In a time now lost in the mists of memory, the great King Arthur rules in the legendary citadel that is Camelot. His Knights of the Round Table commit acts of derring-do and spend their ... See full summary »
After his castle is taken over, Valiant, Prince of Thule, has a dream, in which King Arthur calls him to Camelot. Valiant heeds the advice of the dream, and sets out on a quest to find the ... See full summary »
Young Prince Valiant, son of the exiled King of Scandia, journeys to Camelot to become a knight at King Arthur's Round Table. He hopes to help his father reclaim his throne from the pagan Viking usurper Sligon and restore the Christian faith to their homeland. On his journey he stumbles upon a mysterious Black Knight plotting with Sligon's representatives to overthrow Arthur. Barely escaping with his life, Valiant encounters Sir Gawain, one of the most illustrious knights of the Round Table, and an old friend of his father's, who tutors the young Viking in the skills needed to be a knight. Valiant and Gawain's pupil-mentor relationship is complicated by their romantic involvement with Princess Aleta and her sister Ilene, daughters of the King of Ord. If Valiant is to restore his father's throne and prevent the coup d'etat against Arthur, he must uncover the true identity of the Black Knight. Written by
None of the locations were "stock footage," since this was one of the first CinemaScope movies. The locations were shot by a second unit in England during the spring and summer of 1953, specifically for this film. Stand-ins doubled for the principal cast in long shots, which were then matched at 20th Century-Fox studios and ranch in California during the autumn of 1953. The English stand-in for Janet Leigh's Aleta character was a teenage Shirley Eaton, (later to become the James Bond Goldfinger (1964) girl). See more »
During the fight with Sligon, Prince Valiant managed to capture the "Singing Sword" and Sligon's body fell into the flames wearing the sheath. When Prince Valiant went to free his parents and other prisoners, he had both the sword and the un-burned sheath. See more »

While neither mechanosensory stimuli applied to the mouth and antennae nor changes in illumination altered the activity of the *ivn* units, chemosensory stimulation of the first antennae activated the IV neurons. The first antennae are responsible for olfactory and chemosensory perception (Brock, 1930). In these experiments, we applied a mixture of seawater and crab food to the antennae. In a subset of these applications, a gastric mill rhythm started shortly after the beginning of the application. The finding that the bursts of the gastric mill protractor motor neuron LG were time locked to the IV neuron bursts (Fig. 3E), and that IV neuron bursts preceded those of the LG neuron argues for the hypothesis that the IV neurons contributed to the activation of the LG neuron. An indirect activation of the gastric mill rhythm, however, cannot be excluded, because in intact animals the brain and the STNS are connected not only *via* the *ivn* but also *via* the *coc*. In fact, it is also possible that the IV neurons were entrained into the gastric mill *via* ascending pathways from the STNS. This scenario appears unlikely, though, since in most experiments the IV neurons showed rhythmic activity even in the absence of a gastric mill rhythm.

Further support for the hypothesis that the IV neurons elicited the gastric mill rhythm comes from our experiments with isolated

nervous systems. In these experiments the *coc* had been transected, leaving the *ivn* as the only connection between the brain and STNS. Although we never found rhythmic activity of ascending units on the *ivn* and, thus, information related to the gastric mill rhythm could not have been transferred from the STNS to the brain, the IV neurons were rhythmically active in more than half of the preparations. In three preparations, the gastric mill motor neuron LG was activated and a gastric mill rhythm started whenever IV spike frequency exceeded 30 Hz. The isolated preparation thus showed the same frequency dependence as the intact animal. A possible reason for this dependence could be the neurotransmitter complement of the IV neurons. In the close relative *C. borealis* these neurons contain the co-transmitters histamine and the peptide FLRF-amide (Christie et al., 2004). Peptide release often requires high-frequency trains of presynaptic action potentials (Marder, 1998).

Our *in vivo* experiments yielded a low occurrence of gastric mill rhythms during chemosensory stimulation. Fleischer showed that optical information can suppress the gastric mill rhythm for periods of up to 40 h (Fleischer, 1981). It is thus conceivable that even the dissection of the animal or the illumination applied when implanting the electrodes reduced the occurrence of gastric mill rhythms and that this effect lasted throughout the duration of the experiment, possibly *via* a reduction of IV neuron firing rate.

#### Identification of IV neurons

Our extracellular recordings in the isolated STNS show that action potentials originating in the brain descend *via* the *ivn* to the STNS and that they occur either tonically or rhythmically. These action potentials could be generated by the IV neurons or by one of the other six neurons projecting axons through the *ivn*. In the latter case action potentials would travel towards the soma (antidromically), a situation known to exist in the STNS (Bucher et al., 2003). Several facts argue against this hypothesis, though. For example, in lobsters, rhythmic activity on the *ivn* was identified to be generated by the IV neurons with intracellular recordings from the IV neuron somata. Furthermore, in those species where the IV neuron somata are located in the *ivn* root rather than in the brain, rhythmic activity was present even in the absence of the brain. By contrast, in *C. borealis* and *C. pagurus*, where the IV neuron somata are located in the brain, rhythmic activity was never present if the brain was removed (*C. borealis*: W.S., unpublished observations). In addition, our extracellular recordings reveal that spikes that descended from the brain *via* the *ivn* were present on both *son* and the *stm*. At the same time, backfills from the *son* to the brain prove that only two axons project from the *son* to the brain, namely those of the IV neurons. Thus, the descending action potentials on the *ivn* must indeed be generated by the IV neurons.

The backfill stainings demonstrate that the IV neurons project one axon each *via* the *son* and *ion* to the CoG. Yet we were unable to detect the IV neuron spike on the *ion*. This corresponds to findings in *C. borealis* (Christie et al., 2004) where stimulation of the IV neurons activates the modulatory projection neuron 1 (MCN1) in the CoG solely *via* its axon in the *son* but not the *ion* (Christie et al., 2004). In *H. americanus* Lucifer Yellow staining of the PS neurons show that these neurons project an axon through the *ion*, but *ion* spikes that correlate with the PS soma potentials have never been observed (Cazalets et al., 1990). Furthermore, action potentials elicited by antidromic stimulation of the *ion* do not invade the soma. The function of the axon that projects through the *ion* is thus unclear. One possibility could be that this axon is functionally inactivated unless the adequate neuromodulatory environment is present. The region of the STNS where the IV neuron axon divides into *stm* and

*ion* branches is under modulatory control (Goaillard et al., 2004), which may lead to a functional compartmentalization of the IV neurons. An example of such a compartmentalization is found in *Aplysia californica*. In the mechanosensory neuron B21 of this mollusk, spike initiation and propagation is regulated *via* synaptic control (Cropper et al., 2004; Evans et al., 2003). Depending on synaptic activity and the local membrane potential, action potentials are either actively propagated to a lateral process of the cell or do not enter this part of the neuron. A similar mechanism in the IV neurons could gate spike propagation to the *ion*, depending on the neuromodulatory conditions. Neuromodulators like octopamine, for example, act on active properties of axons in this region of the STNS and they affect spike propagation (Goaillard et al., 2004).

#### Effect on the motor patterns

What's wrong with Sir Brack? His blood is as good as Arthur's!
And he never lets us forget it as his own father apparently did.
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Exuberant Camelot/Viking Adventure a Great Family Film...
There is such a sense of childlike wonder and fun in Henry Hathaway's 1954 Camelot tale, PRINCE VALIANT, that it's easy to forgive the obvious incongruities in accents (Robert Wagner's broad American tones...hard to believe he plays Donald Crisp's son...Sterling Hayden, looking and sounding more like Wild Bill Hickok than Sir Gawain...Victor McLaglen as the most Irish Viking you'll ever see!), and concentrate, instead, on the energy, pageantry, and sweep of the adaptation of Hal Foster's classic comic strip.
Certainly, one would be hard-pressed to assemble a finer cast; in addition to Wagner, Hayden, McLaglen, and Crisp, you have James Mason as the villain, Sir Brack, dazzling, and far more believable than he had been as Rupert of Hentzau in MGM's remake of THE PRISONER OF ZENDA; Janet Leigh and Debra Paget, both ethereally beautiful as the sisters, Aleta and Ilene; and Brian Aherne, as King Arthur, so perfect in the role that you wish his part had been larger.
In the early 1950s, there was a resurgence of swashbuckling films in Hollywood, and a new sub-category appeared, 'Knights in Training', with Fox's PRINCE VALIANT, and Universal's THE BLACK SHIELD OF FALWORTH (starring Tony Curtis) both devoting ample screen time to the education of squires in the knightly skills of jousting and sword fighting. These scenes are great fun to watch, particularly for children (knights had to go to school, too!), and paint a far more accurate picture of the difficult work involved in mastering the required talents than did the recent film, A KNIGHT's TALE.
As we follow the adventures of the Viking Prince as he restores his kingdom, finds love, and wins a place at the Round Table, special credit must be given to Franz Waxman's spectacular music. One of the most memorable scores ever produced for a film, the theme has become a staple at the Hollywood Bowl, and for the Boston Pops. Once heard, it is not forgotten!
While the magical elements of the story are downplayed (the mystical powers of the 'Singing Sword' are more implied than actually shown), the story itself has such a sense of wonder that it isn't missed. The heroes of Camelot are all present (Arthur, Lancelot, Guinevere, Gawain, and Galahad), and the Round Table scenes are as majestic as any film has ever accomplished.
PRINCE VALIANT may not be in a league with EXCALIBUR, but it certainly holds it's own against KNIGHTS OF THE ROUND TABLE, CAMELOT, and FIRST KNIGHT, and as a family film it can't be beat!
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